You could also buy advertisements on Google right through the Manager for high-volume or big ticket items, and track how those advertisements were doing; it all updated and refreshed in a nice table. You could see the same data on the Web at any time, but the MM was sweet and fast and optimized. When you bought something, it was listed in your �purchases� column, organized by type of purchase - easy to print out for your accountant, nice for your records.
So, as we've said, Google allowed you to search for buyers and sellers, and then, using a service shamelessly copied from the then-ubiquitous PayPal, handled the transaction for a 1.75% charge. Sure, people could send checks or contact one another and avoid the 1.75%, but for most items that was your best bet - fast and cheap. 1.75% plus advertising and a global reach, and you can count on millions flowing smoothly through your accounts.
Amazon and Ebay - remember them? - doubtless saw the new product and realized they were in a bind. They would have to �cannibalize their own business� in order to go the Google path - give up their databases to the vagaries of the Web. So, in classic big-company style, they hedged their bets and did nothing.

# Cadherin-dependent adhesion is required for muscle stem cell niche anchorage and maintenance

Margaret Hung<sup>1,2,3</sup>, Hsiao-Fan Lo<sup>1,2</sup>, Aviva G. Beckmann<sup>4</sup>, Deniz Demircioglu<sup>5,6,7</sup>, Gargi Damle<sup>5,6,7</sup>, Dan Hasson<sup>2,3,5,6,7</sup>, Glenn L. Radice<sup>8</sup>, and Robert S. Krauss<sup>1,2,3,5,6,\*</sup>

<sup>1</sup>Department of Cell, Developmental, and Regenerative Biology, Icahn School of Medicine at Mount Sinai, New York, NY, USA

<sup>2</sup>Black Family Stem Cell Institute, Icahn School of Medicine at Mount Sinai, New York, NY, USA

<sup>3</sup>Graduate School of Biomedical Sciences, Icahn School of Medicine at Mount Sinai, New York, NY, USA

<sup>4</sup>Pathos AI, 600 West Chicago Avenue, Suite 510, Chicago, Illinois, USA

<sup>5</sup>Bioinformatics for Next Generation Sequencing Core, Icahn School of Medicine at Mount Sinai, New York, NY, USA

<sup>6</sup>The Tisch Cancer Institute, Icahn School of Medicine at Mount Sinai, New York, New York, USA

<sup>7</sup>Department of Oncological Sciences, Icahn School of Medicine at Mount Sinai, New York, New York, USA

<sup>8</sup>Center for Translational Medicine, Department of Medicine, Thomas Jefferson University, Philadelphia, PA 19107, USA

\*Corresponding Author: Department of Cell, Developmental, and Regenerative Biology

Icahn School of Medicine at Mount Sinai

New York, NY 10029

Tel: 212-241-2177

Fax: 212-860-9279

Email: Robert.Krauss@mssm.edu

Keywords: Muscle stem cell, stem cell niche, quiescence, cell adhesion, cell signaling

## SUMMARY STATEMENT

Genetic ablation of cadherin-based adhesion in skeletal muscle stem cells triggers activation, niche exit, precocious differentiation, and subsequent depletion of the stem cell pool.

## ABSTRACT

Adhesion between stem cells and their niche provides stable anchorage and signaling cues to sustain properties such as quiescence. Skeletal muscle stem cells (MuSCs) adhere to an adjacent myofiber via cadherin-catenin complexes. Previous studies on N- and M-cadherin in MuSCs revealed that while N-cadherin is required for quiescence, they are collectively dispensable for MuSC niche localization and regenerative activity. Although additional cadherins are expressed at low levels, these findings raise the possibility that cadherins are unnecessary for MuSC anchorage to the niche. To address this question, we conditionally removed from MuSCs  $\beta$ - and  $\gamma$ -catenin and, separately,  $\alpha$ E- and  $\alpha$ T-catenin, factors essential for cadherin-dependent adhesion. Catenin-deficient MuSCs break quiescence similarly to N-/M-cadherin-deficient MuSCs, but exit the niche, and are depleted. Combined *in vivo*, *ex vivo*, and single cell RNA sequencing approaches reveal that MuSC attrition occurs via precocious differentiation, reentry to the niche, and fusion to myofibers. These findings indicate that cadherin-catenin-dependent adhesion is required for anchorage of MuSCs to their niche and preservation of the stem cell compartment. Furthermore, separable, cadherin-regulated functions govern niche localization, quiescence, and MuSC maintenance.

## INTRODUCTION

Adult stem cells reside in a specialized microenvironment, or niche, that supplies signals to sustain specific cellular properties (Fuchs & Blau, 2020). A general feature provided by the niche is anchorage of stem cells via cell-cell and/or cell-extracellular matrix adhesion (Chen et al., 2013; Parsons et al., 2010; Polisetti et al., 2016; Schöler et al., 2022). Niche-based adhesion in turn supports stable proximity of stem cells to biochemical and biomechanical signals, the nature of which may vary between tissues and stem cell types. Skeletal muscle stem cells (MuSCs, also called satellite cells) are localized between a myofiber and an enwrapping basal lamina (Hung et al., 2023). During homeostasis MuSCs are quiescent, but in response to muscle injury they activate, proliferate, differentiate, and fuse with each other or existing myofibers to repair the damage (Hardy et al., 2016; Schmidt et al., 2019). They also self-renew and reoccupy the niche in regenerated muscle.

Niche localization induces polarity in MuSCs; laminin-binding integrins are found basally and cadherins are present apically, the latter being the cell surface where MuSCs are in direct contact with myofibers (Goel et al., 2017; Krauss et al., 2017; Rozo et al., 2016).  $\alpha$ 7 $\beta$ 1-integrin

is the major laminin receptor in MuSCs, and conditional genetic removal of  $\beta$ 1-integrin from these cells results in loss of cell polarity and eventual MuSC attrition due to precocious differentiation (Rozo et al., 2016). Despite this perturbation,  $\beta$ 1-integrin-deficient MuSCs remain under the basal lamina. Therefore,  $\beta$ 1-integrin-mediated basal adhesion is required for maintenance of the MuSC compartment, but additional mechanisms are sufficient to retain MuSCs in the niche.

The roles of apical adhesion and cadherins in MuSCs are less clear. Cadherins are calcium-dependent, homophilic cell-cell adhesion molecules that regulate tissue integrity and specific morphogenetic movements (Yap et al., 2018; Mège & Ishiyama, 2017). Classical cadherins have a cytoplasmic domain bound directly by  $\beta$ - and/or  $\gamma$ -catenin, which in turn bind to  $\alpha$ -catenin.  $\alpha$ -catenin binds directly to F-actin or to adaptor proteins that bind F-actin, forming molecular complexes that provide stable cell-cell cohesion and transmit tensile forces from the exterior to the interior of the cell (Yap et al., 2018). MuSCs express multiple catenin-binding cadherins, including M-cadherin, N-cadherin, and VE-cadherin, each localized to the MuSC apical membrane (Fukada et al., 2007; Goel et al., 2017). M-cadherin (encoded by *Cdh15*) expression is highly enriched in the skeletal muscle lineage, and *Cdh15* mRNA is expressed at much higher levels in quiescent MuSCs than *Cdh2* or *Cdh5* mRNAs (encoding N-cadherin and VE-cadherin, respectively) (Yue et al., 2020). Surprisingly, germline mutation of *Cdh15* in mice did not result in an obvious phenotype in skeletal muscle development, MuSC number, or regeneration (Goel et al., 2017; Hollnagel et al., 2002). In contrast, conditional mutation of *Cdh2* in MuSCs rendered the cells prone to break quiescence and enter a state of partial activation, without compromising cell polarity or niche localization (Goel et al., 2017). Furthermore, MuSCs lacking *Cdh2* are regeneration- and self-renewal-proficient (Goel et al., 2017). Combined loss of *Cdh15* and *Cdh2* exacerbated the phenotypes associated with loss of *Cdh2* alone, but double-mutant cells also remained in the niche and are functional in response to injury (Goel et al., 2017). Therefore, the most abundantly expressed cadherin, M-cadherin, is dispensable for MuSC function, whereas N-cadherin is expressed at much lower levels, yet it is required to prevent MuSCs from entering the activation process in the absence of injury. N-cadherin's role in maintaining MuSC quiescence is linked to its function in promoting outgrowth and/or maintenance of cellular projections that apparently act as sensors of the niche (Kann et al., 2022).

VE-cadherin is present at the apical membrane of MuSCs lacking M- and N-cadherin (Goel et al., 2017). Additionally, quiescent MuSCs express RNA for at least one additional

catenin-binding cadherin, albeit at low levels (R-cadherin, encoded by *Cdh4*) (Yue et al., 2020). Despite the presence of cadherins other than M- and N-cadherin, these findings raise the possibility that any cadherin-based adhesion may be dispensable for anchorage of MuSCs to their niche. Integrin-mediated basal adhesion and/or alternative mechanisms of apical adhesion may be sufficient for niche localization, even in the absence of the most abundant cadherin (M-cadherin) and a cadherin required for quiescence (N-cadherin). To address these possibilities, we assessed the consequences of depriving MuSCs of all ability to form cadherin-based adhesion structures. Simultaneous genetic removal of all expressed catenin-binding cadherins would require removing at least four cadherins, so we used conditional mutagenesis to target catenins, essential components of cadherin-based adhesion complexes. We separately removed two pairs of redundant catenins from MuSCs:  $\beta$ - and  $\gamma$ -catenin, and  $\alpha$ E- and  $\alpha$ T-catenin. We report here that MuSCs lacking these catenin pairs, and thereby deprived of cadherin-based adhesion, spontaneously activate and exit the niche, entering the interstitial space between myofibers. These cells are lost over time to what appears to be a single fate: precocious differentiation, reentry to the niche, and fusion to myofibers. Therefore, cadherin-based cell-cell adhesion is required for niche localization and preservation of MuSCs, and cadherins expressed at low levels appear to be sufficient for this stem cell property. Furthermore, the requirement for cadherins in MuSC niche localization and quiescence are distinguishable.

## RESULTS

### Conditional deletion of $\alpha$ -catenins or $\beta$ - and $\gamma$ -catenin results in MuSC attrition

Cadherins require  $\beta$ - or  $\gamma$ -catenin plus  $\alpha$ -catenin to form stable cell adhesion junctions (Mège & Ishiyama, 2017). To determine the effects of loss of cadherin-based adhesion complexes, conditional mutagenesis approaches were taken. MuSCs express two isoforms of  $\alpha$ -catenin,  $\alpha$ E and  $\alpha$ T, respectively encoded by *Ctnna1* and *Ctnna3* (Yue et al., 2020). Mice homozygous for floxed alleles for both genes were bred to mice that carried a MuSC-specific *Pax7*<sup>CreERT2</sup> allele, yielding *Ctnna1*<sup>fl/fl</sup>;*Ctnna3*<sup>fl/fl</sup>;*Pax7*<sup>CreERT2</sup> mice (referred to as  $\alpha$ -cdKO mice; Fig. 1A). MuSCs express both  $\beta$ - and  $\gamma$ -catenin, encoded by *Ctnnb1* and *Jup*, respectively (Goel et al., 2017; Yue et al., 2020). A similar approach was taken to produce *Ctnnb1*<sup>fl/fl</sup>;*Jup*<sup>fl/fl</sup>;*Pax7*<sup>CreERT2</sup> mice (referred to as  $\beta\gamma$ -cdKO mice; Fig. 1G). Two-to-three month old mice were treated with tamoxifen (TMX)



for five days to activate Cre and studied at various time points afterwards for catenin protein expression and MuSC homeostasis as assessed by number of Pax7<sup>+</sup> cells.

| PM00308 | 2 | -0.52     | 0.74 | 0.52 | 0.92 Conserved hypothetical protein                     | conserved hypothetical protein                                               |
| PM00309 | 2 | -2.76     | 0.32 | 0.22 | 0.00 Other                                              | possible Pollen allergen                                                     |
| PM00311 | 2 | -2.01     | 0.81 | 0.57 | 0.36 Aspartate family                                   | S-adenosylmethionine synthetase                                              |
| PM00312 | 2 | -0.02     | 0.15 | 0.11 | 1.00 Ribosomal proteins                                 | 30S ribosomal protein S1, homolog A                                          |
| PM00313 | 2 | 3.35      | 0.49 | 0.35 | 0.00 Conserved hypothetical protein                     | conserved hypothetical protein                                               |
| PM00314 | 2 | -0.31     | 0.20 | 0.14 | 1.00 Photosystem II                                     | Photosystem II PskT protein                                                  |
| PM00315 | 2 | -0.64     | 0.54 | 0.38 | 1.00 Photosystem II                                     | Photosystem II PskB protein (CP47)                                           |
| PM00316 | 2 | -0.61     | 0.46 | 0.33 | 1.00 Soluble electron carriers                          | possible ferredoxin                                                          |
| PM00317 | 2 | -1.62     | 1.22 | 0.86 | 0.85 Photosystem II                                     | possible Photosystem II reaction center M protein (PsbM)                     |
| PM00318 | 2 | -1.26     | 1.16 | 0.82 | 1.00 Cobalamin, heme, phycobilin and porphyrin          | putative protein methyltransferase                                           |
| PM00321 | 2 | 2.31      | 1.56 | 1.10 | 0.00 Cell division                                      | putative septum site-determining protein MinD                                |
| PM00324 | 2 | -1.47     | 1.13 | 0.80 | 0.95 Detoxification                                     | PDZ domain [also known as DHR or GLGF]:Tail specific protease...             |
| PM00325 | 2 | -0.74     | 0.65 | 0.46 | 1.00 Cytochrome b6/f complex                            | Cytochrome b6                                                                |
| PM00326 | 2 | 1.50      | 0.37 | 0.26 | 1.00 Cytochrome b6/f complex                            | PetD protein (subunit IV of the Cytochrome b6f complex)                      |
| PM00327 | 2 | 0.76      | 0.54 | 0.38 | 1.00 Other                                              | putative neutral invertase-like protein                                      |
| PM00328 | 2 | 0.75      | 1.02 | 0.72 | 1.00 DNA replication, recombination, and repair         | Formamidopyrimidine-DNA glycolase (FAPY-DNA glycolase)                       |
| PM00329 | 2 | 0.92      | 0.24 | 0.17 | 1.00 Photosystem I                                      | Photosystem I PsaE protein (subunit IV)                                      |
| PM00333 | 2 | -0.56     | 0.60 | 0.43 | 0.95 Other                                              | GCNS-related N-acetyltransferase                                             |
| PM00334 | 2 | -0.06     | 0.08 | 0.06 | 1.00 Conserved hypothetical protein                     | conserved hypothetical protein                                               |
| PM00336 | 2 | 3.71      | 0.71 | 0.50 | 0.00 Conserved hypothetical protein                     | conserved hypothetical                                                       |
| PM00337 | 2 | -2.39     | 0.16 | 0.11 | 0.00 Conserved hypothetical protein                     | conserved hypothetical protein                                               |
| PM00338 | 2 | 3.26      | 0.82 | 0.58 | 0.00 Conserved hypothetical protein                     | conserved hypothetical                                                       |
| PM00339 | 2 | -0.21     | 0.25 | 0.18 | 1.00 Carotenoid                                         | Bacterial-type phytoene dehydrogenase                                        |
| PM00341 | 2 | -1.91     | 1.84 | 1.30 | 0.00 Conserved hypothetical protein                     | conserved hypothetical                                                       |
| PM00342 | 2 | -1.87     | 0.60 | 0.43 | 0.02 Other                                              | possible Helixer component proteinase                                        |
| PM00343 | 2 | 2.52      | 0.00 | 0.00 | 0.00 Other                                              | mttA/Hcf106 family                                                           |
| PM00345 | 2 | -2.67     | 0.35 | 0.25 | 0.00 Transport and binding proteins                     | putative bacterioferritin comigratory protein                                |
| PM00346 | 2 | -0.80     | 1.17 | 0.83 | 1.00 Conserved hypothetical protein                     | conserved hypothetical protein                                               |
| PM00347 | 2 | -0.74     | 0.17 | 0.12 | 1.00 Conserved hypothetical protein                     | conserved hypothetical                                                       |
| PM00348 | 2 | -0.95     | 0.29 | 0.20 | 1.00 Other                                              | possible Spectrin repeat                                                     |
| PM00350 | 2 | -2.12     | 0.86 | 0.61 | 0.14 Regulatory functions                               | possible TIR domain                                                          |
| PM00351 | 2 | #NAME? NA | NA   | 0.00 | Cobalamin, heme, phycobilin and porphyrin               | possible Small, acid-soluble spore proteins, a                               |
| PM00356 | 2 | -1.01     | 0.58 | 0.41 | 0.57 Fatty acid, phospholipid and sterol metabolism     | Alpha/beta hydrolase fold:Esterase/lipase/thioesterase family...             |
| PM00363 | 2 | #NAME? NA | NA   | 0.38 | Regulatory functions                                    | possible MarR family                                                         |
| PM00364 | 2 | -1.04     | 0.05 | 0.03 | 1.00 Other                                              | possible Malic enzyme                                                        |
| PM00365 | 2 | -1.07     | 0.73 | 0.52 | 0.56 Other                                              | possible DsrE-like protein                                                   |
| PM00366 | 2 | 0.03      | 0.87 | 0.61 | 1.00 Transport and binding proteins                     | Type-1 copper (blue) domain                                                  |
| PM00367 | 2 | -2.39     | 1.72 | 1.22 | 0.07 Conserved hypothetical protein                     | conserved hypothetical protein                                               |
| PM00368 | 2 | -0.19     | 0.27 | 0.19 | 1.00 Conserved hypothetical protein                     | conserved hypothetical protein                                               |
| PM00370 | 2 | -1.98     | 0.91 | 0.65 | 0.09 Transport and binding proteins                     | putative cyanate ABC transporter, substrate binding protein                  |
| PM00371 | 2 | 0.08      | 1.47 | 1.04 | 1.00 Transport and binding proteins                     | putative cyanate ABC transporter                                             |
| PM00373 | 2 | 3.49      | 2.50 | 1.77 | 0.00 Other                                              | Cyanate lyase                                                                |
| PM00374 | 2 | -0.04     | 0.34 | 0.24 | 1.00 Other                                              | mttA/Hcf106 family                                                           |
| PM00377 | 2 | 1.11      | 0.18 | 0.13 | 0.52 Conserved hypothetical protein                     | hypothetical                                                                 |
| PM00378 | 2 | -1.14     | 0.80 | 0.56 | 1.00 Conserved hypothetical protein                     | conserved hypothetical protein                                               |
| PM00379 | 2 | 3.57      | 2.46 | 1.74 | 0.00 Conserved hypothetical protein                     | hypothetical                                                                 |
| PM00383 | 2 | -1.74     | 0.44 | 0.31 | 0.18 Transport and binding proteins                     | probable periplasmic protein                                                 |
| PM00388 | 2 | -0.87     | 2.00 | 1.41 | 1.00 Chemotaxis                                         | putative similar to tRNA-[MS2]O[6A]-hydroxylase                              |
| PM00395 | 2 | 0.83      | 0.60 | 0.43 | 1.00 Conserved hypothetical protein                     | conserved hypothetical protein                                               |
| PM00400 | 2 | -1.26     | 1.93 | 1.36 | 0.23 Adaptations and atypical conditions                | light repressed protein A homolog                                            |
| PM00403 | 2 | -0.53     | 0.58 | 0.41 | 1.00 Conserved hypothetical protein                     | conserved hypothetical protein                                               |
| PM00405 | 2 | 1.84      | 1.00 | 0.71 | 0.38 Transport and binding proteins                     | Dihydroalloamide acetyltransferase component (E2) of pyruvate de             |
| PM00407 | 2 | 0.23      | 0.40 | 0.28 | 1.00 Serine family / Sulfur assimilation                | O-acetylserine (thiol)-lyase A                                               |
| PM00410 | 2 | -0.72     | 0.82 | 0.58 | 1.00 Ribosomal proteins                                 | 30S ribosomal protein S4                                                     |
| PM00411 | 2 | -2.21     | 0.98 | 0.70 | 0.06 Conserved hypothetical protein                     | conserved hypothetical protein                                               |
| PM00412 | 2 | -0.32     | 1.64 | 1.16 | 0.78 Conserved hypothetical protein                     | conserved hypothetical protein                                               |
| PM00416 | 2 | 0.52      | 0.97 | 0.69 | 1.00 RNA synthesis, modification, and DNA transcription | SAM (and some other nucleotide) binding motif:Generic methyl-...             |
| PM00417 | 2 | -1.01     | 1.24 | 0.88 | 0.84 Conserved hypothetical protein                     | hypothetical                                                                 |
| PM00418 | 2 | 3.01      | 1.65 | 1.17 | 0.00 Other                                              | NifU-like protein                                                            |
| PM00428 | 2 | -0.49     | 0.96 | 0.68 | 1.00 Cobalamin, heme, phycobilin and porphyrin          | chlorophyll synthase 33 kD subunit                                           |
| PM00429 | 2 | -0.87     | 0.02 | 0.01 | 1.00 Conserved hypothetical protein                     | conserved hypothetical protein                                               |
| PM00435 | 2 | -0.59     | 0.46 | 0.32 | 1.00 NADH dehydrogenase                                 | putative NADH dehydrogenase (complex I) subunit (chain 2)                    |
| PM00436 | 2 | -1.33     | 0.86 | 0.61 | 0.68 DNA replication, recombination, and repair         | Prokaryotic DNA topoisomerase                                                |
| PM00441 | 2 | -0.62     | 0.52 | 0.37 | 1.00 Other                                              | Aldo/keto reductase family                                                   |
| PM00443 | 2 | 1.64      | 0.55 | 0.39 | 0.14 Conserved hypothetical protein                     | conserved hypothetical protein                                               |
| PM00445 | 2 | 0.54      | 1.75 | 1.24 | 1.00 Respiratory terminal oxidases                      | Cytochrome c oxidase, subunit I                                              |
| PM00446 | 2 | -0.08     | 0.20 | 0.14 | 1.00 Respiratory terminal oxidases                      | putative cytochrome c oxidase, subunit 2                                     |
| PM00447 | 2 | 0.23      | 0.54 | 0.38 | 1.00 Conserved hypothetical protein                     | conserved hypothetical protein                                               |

Despite their inaction, before long all manner of competing services popped up, spidering the same data as Google and offering a cheaper transaction rate. But Google had the brand and the trust, and the profits.
It took 2 years for over a million individuals to accept and begin using the new, Semweb-based shopping. During that time, Google had about $300 million in volume - for a net of $4.5 million on transactions. But, just as Ebay and Amazon had once compelled consumers to bring their business to the web, the word-of-mouth began to work its magic. Since it was easy to search for things to buy, and easy to download the MM and get started, the number of people actively looking through Google Marketplace grew to 10 million by 2006.
. . . . .
Google Personal Agent
Now, search is not enough. You need service. You need the computer to help you. So Google also rolled out the Personal Agent - a small piece of software that, in essence, simply queried Google on a regular basis and sent you email when it found what you were looking for on the Semweb.
Want cheap phone rates? Ask the agent. Want to know when Wholand, the Who-based theme park, opens outside of London? Ask the agent. Or when your wife updates her web-based calendar, or when the price of MSFT goes up three bucks, or when stories about Ghanaian politics hit the wire. You could even program it to negotiate for you - if it found a first-edition Paterson in good condition for less than $2000, offer $500 below the asking price and work up from there. It's between you and the seller, anonymously, perhaps even tax-free if you have the right account number, no one takes a cut. Not using it to buy items began to be considered backwards. Just as the regular Google search negotiated the logical propositions of the Semweb, the Personal Agent did the same - it just did it every few minutes, and on its own, according to pre-set rules.